Trip Start Oct 16, 2012
136Trip End Apr 20, 2013
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We stopped for some lunch at a small restaurant by the side of the road and noticed the differences between the normal Ecuadorian lunch and the Colombian equivalent. The Ecuadorian one came with yoghurt, a roll with cheese, and a hot milky instant coffee, along with the same rice, chips, salad and fried eggs that we were used to. As we prepared to leave, a Californian guy arrived on a motorbike
The road continued downhill for about another hour, and descended into a desert like valley. The air was hot, dry and dusty and it seemed crazy that the landscape had changed so much over only about 30km. Once we were in the valley we were blown by a strong wind, which gusted in all directions. It made the last part of our day a long and difficult affair, as we struggled to keep up a speed of 10km, even as we pedalled hard downhill. The dry dust was blowing hard and Kory and I looked like we had bad fake tans by the end of the day.
The road followed the river at the base of the valley and we were surrounded by dramatic scenery of mountains and volcanoes on either side. In one place we saw a team of workers who had taken over one lane of the road, to spread out their crop. They then drove over it slowly and as they applied the weight of their vehicle, a small red and white bean (similar to a kidney bean) was shaken from the plant and was ready to be picked up by another worker. It reminded us of
India, where we saw farmers using the same tactic but expected the traffic to drive over the crop and then they would run into the road to collect it
We had been heading to a town called Salinas, which we knew nothing about but knew it was at the bottom of the hill climb to Ibarra. As we arrived into town we saw that it was a tiny little village, with about 50 houses and not much else. It did have a train station, and we noticed that the train that was leaving had some Western people on it. When we looked further we saw that there was a salt museum, and they held informational tours in the mornings. We cycled around town for a few minutes and found the one “hotel”, which was more like a spare room in a family house.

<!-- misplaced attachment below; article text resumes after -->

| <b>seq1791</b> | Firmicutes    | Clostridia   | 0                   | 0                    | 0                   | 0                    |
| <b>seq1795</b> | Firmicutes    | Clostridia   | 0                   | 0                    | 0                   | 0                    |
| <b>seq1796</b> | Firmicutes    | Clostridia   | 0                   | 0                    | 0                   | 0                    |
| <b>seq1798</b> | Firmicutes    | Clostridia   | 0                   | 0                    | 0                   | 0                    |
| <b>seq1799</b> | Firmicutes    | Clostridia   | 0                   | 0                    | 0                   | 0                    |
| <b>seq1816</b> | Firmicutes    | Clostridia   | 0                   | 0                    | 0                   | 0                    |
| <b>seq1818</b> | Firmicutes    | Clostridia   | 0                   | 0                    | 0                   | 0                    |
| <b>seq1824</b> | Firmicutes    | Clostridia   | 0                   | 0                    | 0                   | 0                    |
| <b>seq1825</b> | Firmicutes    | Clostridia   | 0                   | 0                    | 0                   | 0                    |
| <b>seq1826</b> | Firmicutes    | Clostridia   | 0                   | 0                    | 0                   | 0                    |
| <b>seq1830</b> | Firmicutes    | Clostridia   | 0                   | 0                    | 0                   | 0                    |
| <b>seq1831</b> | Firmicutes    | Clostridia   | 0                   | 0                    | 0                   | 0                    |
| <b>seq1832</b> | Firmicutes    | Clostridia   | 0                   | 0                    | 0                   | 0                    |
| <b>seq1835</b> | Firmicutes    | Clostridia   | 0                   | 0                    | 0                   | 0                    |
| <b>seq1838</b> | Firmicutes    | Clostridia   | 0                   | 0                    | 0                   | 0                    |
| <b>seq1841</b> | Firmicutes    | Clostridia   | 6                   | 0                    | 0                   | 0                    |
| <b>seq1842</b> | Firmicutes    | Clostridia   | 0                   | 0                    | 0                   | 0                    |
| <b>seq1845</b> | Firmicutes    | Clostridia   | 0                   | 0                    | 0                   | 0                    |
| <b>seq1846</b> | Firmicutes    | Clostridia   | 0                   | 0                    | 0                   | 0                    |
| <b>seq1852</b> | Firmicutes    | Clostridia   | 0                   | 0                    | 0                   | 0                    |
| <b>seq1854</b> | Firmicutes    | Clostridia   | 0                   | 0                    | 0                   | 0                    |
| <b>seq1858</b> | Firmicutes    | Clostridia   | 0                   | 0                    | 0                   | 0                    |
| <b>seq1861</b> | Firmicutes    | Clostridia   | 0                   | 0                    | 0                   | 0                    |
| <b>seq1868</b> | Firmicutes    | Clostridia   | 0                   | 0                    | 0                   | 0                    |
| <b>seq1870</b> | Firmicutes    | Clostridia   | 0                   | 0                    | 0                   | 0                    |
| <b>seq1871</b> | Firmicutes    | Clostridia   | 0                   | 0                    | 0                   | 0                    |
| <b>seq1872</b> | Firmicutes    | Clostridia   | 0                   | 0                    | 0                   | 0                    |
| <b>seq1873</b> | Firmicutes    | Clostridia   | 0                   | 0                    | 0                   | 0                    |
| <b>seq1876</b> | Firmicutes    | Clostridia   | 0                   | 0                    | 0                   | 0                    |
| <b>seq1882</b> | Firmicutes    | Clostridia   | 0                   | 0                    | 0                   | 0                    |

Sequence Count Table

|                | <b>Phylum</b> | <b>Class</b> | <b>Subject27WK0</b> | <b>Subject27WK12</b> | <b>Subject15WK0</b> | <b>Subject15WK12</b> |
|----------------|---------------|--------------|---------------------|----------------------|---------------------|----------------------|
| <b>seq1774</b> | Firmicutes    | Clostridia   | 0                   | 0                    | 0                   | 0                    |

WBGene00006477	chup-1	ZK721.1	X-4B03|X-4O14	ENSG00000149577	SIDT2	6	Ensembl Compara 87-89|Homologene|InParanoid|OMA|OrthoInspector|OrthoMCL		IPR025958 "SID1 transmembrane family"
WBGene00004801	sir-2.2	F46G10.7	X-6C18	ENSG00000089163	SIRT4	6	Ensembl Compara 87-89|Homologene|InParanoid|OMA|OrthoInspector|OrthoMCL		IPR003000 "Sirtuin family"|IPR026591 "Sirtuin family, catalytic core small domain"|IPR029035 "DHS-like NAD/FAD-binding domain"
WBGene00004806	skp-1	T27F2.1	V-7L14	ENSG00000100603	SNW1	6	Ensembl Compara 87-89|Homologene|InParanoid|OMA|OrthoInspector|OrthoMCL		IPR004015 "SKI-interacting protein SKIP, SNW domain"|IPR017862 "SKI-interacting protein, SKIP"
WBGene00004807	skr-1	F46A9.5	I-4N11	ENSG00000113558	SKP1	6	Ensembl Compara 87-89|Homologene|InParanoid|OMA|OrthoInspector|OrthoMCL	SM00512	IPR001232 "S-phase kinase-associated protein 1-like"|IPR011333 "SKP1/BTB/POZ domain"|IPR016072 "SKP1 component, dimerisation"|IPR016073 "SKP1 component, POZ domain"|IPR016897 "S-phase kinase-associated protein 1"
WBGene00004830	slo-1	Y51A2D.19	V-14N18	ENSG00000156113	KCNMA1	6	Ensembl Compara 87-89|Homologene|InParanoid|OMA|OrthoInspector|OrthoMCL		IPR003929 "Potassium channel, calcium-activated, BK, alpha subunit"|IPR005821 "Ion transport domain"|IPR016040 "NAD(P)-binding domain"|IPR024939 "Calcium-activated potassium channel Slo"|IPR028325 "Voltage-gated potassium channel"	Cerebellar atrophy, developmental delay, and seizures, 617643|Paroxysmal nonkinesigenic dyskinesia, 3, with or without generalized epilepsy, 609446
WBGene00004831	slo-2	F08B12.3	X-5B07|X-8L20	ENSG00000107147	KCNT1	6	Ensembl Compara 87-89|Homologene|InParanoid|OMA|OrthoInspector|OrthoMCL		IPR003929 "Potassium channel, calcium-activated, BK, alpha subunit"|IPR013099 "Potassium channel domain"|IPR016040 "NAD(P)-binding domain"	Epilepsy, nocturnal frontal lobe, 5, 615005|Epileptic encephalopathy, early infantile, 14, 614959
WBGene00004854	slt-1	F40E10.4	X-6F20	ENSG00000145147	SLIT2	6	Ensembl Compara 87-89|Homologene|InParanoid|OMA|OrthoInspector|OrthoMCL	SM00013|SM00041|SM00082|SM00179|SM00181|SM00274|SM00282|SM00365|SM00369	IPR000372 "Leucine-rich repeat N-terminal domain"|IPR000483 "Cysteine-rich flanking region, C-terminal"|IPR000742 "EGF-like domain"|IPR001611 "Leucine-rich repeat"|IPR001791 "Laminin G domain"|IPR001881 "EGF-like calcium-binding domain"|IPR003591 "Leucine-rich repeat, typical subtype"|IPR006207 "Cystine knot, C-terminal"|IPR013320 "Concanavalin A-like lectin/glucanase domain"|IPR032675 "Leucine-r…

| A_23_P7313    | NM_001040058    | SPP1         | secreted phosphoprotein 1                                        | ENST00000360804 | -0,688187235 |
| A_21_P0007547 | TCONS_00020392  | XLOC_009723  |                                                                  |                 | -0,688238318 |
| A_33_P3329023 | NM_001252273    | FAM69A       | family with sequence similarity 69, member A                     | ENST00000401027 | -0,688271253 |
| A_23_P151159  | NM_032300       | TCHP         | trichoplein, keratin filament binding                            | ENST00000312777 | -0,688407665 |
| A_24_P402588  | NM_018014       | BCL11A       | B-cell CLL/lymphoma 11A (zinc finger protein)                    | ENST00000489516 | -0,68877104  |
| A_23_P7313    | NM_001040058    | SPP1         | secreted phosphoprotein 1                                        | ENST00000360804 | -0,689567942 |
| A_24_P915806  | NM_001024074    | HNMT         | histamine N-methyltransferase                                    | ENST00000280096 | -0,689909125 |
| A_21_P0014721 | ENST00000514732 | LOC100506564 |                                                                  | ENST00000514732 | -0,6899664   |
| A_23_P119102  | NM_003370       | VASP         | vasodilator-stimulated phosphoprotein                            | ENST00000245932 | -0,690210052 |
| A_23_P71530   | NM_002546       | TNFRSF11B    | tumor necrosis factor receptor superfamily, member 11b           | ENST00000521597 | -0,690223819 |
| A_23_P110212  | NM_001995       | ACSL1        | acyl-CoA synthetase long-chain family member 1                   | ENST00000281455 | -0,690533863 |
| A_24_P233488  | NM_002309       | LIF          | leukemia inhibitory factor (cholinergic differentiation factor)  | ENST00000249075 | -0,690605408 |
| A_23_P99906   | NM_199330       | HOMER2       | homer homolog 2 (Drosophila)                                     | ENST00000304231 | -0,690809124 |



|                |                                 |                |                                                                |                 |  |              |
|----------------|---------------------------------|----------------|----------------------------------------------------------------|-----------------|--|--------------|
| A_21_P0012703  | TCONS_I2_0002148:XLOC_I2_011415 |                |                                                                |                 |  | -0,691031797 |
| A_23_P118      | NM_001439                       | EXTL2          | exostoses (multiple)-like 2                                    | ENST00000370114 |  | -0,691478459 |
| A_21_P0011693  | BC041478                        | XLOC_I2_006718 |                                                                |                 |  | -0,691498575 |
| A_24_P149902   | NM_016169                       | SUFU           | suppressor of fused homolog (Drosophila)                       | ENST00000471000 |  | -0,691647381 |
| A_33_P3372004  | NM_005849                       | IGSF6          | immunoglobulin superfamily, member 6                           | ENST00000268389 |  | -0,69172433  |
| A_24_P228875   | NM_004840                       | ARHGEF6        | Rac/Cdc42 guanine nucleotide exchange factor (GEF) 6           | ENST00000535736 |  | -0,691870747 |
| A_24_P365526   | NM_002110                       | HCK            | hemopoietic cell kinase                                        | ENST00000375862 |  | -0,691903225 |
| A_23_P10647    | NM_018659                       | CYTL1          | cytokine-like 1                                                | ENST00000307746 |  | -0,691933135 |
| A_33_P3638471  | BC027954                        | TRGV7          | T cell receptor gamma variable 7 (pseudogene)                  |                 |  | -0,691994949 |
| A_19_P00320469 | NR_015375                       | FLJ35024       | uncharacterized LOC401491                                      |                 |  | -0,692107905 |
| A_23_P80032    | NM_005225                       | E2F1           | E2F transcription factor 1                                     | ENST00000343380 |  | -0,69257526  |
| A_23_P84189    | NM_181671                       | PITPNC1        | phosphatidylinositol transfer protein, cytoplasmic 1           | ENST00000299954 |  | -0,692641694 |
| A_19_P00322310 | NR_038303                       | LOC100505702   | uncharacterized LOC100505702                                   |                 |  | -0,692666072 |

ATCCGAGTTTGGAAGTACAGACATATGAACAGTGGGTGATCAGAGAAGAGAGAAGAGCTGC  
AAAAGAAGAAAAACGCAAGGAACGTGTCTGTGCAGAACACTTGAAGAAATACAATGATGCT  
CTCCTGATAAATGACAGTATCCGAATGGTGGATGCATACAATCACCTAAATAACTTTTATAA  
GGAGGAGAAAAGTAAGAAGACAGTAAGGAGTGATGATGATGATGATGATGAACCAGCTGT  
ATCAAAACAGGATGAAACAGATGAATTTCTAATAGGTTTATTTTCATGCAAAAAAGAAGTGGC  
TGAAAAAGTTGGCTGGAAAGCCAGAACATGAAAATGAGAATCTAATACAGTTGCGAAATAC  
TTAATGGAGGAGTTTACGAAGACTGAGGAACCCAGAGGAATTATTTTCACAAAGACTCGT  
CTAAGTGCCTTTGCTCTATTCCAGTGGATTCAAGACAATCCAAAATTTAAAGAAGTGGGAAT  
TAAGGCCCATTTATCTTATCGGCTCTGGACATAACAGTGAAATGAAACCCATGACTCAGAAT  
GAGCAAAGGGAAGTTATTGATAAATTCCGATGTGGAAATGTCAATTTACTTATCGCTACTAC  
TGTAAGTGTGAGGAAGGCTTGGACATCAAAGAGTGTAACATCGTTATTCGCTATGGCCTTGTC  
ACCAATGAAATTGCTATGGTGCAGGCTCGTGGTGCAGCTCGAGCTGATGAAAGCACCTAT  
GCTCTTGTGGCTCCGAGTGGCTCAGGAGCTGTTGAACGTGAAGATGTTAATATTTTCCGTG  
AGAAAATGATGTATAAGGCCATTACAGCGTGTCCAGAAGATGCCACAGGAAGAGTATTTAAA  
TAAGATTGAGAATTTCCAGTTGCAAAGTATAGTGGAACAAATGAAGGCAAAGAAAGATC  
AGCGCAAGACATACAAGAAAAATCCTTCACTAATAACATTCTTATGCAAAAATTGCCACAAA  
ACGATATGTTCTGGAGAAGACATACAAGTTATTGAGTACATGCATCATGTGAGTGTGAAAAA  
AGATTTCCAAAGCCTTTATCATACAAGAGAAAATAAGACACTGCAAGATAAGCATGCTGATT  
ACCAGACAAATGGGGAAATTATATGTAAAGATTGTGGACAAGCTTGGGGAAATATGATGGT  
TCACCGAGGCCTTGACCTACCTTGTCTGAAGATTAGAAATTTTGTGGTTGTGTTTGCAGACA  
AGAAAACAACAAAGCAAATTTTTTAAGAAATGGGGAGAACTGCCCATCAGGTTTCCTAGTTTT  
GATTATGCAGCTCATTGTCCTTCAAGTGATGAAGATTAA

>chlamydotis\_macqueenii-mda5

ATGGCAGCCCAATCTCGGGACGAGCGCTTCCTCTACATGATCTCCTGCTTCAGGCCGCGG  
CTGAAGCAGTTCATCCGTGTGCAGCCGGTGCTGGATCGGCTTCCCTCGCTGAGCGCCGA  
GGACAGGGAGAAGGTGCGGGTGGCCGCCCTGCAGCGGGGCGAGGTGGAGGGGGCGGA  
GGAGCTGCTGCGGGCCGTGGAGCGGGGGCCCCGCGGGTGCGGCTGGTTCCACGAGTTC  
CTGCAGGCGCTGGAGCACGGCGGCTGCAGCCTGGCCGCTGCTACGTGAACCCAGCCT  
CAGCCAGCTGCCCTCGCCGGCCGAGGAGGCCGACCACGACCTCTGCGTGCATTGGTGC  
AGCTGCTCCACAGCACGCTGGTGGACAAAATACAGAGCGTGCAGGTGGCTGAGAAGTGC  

We chatted in the street to the owner for ages, and he seemed to enjoy learning about our trip, as his wife ran around and tidied up the room for us. The village was more like a ghost town and again there was hardly anyone around. As we checked in the owner said that he would provide dinner for us tonight and that he would call us when it was ready. The prospect of having dinner with the family was exciting but we were unsure about what was going to happen. At 7pm, the owner knocked on the door and took us upstairs to their dining room, where our dinner was ready for us on the table. The family then scarpered and left us to eat alone. It struck us as really unusual but I guess we should have expected it, because it has happened on our travels before. We sit there eating dinner, whilst the kids are banished to the bedrooms and the parents make themselves busy. It wasn’t quite the experience we were hoping for but we managed to convey that we were really grateful, as there were very little other options in the village. Their dining room was nicely decorated and had a Christmas tree and decorations.